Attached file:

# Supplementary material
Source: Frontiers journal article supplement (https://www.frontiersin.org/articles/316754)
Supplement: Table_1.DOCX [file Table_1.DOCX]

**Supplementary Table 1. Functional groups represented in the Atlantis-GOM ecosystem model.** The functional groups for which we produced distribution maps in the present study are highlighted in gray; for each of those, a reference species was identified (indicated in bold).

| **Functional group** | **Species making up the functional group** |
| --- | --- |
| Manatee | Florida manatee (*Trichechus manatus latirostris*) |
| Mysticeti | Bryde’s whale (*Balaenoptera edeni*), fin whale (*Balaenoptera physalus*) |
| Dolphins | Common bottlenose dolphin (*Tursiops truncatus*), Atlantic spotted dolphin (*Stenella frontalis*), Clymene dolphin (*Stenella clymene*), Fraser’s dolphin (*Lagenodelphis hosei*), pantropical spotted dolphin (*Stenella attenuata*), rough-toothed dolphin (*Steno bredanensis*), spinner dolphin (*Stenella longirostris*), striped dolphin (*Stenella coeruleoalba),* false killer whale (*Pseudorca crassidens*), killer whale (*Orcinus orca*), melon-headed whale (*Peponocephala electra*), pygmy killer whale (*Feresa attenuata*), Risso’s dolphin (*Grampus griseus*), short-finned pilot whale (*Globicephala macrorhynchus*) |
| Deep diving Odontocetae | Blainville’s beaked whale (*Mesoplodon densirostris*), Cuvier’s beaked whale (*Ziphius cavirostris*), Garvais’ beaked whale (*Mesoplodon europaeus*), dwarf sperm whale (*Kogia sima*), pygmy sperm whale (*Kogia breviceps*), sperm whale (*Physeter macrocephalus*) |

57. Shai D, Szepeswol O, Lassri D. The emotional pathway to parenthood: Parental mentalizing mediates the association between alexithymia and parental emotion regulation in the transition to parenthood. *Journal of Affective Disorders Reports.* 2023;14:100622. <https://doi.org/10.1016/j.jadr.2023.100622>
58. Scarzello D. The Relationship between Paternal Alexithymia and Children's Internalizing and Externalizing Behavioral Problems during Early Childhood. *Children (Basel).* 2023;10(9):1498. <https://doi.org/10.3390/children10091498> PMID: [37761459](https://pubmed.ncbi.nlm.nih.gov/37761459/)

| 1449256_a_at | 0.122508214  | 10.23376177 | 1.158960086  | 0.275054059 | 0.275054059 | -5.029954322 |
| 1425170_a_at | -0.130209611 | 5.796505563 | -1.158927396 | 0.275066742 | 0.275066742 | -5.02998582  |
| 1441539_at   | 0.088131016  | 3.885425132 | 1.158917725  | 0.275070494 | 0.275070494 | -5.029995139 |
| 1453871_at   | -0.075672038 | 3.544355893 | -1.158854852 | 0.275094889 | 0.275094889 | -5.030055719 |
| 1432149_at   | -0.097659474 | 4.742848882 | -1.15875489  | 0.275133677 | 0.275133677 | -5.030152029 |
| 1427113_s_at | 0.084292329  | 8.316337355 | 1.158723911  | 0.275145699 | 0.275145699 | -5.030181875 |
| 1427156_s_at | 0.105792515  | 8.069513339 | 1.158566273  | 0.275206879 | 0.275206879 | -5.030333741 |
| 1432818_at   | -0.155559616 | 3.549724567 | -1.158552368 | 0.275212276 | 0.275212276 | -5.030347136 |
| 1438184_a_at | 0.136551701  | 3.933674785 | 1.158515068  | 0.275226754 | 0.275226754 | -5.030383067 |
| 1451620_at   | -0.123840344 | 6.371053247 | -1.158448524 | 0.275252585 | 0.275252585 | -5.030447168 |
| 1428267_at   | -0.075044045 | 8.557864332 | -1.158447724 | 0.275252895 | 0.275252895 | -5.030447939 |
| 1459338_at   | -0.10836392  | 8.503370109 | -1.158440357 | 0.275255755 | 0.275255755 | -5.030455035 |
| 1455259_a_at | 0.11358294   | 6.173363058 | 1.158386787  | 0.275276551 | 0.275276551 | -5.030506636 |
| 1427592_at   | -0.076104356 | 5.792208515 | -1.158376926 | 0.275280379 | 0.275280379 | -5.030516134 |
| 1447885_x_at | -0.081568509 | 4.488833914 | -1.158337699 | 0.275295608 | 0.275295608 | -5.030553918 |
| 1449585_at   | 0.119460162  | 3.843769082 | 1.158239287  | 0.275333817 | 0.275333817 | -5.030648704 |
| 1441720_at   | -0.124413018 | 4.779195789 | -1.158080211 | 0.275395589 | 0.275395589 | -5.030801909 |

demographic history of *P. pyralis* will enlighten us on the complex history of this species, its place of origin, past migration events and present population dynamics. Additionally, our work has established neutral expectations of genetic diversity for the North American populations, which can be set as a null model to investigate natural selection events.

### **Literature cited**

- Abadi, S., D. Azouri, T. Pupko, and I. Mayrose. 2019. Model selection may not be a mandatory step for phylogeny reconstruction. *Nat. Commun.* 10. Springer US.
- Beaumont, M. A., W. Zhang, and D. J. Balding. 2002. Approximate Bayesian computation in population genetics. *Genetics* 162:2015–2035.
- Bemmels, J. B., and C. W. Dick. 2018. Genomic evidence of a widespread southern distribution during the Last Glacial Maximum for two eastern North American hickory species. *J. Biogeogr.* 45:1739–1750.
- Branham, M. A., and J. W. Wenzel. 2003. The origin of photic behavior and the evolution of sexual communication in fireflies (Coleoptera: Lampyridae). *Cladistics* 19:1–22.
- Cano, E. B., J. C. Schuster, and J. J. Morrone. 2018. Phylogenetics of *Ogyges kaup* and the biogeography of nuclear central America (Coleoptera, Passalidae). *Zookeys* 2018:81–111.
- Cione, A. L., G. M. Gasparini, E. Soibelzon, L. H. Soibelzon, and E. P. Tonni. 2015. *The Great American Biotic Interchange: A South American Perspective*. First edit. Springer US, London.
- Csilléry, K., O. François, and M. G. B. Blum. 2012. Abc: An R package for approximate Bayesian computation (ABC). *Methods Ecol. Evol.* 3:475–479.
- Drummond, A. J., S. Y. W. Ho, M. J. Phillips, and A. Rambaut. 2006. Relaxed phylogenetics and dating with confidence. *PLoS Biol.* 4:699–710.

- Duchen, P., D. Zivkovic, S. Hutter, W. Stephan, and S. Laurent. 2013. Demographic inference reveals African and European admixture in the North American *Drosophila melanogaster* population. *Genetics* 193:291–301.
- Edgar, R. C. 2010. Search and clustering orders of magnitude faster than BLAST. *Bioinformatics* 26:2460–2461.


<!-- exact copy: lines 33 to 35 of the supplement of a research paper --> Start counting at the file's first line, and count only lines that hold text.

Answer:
- Beaumont, M. A., W. Zhang, and D. J. Balding. 2002. Approximate Bayesian computation in population genetics. *Genetics* 162:2015–2035.
- Bemmels, J. B., and C. W. Dick. 2018. Genomic evidence of a widespread southern distribution during the Last Glacial Maximum for two eastern North American hickory species. *J. Biogeogr.* 45:1739–1750.
- Branham, M. A., and J. W. Wenzel. 2003. The origin of photic behavior and the evolution of sexual communication in fireflies (Coleoptera: Lampyridae). *Cladistics* 19:1–22.